Next, take the case of Anthea Hubanks.  Anthea is another client I’m working with who has strong administrative skill sets and who is also looking for a suitable assignment in an administrative support capacity.  Anthea, however, unlike Jill, prides herself most on her writing and editing skills.  She not only has a great deal of formal training in the writing arts, but knows how to edit and proofread like a pro, as well.  My advice to her has therefore been to play these skills up in a huge way in her job search campaign, since while everybody she competes with is obviously going to claim to have “excellent written and verbal communication” skills, very few of them will be able to say they offer “master-class talents in writing, editing, and proofreading executive correspondence.”  See the distinction?  So now, all she has to do is stick to her message until she finds that one executive out there who is a brilliant leader or technical expert, but not very good at (or simply doesn’t enjoy) the writing aspect of his or her job.  At that point, Anthea’s strengths should leap off the page and make her the clear-cut choice for the role in question!

Lastly, I’d point to the case of Janice Williams, a fellow career coach in the area with whom I’ve become acquainted and am now pleased to have added as a referral partner on the “Partners” tab of my website.  Had Janice come across to me as “just another career coach” when we first met, I likely wouldn’t have been too interested in exploring a referral relationship, since we’d have been treading on too much of the same ground.  From the outset, however, Janice (a former HR executive, among other things) expressed her crystal-clear passion for helping people plan the unique transition that takes place from their careers into their retirement years — and for helping retired individuals explore “encore careers” where they could contribute their skills, strengths, and talents.  Since this niche is by no means a specialty of mine, it made all the sense in the world to cultivate a relationship with her, since I definitely encounter people looking for this assistance — and who would be better served by her, as a specialist in that area, than through my own firm.  Again, I consider this a testimonial to the power of personal branding in action.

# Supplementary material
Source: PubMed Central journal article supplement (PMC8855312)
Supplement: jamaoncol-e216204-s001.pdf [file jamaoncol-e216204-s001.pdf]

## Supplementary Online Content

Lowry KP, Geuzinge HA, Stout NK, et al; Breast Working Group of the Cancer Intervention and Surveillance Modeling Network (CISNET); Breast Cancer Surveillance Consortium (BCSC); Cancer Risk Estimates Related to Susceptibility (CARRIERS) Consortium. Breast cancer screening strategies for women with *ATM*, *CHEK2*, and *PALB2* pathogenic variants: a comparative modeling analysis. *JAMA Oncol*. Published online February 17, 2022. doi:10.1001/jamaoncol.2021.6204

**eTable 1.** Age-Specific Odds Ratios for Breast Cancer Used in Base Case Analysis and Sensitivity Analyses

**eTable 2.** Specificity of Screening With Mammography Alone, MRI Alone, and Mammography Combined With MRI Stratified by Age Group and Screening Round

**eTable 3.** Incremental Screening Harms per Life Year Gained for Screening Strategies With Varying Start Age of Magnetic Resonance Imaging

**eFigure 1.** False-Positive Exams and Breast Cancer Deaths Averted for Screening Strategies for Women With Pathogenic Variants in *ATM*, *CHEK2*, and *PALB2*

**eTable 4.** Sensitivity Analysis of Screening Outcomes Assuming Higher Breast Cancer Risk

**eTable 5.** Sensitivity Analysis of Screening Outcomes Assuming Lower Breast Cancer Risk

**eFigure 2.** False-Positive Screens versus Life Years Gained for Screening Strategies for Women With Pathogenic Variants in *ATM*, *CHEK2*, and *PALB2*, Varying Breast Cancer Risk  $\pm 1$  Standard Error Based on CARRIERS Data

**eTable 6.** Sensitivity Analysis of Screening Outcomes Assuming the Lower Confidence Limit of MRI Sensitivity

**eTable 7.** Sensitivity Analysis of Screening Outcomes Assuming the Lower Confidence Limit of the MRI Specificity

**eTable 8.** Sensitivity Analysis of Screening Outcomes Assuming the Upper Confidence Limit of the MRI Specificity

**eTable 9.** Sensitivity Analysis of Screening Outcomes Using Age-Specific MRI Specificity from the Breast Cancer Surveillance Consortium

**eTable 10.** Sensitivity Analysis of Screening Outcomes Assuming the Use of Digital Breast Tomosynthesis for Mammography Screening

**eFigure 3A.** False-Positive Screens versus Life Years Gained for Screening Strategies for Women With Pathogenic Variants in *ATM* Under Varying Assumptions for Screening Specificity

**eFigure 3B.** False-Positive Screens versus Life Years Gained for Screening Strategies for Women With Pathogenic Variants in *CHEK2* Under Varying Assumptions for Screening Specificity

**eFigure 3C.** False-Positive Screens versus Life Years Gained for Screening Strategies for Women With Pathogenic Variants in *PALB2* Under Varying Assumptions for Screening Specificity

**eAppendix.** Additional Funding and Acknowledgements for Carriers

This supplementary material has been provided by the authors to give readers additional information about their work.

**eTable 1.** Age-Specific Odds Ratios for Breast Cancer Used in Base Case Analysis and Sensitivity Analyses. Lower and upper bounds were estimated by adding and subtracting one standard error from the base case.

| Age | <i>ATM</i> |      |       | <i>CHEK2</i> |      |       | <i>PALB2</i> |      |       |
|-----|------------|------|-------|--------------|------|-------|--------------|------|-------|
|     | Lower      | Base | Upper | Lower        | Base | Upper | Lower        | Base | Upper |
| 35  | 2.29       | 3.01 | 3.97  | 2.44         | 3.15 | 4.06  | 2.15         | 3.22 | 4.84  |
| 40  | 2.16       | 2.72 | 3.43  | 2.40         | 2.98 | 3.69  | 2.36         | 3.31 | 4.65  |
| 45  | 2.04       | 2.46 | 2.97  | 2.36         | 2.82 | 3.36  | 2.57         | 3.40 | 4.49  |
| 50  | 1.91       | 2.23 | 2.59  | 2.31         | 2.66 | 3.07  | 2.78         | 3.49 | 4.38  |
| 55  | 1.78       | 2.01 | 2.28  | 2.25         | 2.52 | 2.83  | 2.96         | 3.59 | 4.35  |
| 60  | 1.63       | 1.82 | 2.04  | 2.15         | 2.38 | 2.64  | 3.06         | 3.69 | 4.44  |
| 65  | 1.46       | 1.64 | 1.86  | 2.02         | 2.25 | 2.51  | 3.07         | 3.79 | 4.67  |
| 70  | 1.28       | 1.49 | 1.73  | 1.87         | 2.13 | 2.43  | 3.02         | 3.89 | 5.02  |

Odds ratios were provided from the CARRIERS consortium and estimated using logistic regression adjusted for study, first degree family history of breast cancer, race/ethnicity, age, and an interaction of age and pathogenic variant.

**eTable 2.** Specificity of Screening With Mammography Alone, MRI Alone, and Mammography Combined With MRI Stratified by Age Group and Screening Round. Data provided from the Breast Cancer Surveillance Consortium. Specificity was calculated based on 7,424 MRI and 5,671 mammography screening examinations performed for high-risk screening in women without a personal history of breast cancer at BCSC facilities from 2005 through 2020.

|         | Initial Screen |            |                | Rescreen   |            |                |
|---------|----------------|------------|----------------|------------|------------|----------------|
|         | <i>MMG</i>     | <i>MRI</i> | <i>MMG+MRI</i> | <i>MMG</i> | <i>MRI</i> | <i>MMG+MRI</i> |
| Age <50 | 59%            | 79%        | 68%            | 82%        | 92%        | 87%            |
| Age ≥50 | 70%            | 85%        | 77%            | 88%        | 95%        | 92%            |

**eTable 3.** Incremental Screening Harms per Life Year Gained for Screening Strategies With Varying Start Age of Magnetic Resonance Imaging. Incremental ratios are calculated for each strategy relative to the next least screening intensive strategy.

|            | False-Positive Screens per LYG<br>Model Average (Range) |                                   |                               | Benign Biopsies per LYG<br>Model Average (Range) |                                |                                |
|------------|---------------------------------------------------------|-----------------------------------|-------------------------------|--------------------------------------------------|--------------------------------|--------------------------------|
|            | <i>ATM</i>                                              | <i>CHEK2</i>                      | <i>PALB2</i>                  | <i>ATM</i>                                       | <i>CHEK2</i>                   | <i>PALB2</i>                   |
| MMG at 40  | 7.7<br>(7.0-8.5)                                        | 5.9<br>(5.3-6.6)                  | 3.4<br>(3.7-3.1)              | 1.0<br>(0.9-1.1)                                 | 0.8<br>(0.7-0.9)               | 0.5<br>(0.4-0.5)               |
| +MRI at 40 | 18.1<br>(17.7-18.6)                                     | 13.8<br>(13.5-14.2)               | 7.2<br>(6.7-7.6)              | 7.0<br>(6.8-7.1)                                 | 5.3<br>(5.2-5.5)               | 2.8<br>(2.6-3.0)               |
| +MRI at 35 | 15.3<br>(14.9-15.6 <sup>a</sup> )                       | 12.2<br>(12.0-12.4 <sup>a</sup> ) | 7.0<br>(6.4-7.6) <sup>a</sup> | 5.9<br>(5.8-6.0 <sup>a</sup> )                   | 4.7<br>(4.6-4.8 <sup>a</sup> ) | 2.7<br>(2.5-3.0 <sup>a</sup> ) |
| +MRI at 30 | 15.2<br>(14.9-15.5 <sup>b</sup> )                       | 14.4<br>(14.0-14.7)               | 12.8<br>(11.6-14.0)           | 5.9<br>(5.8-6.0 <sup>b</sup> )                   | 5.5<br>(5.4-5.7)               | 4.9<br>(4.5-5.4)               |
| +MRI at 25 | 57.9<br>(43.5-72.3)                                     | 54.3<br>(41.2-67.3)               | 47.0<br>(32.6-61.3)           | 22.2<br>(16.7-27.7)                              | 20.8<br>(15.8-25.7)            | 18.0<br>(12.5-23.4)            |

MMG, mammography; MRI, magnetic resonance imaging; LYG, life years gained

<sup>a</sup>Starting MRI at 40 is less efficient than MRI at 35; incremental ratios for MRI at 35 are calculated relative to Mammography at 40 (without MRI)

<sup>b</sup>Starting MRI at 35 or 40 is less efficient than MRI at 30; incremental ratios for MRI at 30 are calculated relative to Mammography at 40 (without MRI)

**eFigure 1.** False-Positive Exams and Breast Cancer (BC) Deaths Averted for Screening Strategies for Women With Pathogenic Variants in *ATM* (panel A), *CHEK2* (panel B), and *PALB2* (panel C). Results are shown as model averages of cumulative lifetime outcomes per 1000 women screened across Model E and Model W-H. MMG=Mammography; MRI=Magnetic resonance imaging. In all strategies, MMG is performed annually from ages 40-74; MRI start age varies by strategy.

So in closing, my hope is that these three recent examples help illustrate the process that most job hunters, as well as professional consultants and business owners, should go through in order to differentiate themselves successfully from their competition.  It takes some hard work to distill out just the right message, and even more work to stick to this message consistently, month after month, but over time it will have the desired effect — and people will remember you and your value proposition, possibly years later, even if you’re not around to reinforce it!

Speaking personally, I know for a fact that I have a much stronger grasp of the kinds of opportunities that Jill, Anthea, and Janice are looking for out there — and the assignments that would fit them — than I do most of the people I encounter.  When you think about it, isn’t this really the only test that matters?

P.S.  And if the stories above have triggered any suitable leads for these three ladies in your mind, please send them along!  I told each one of them that as a benefit of volunteering for this article, the Career Horizons network might be able to lend a hand on their behalf…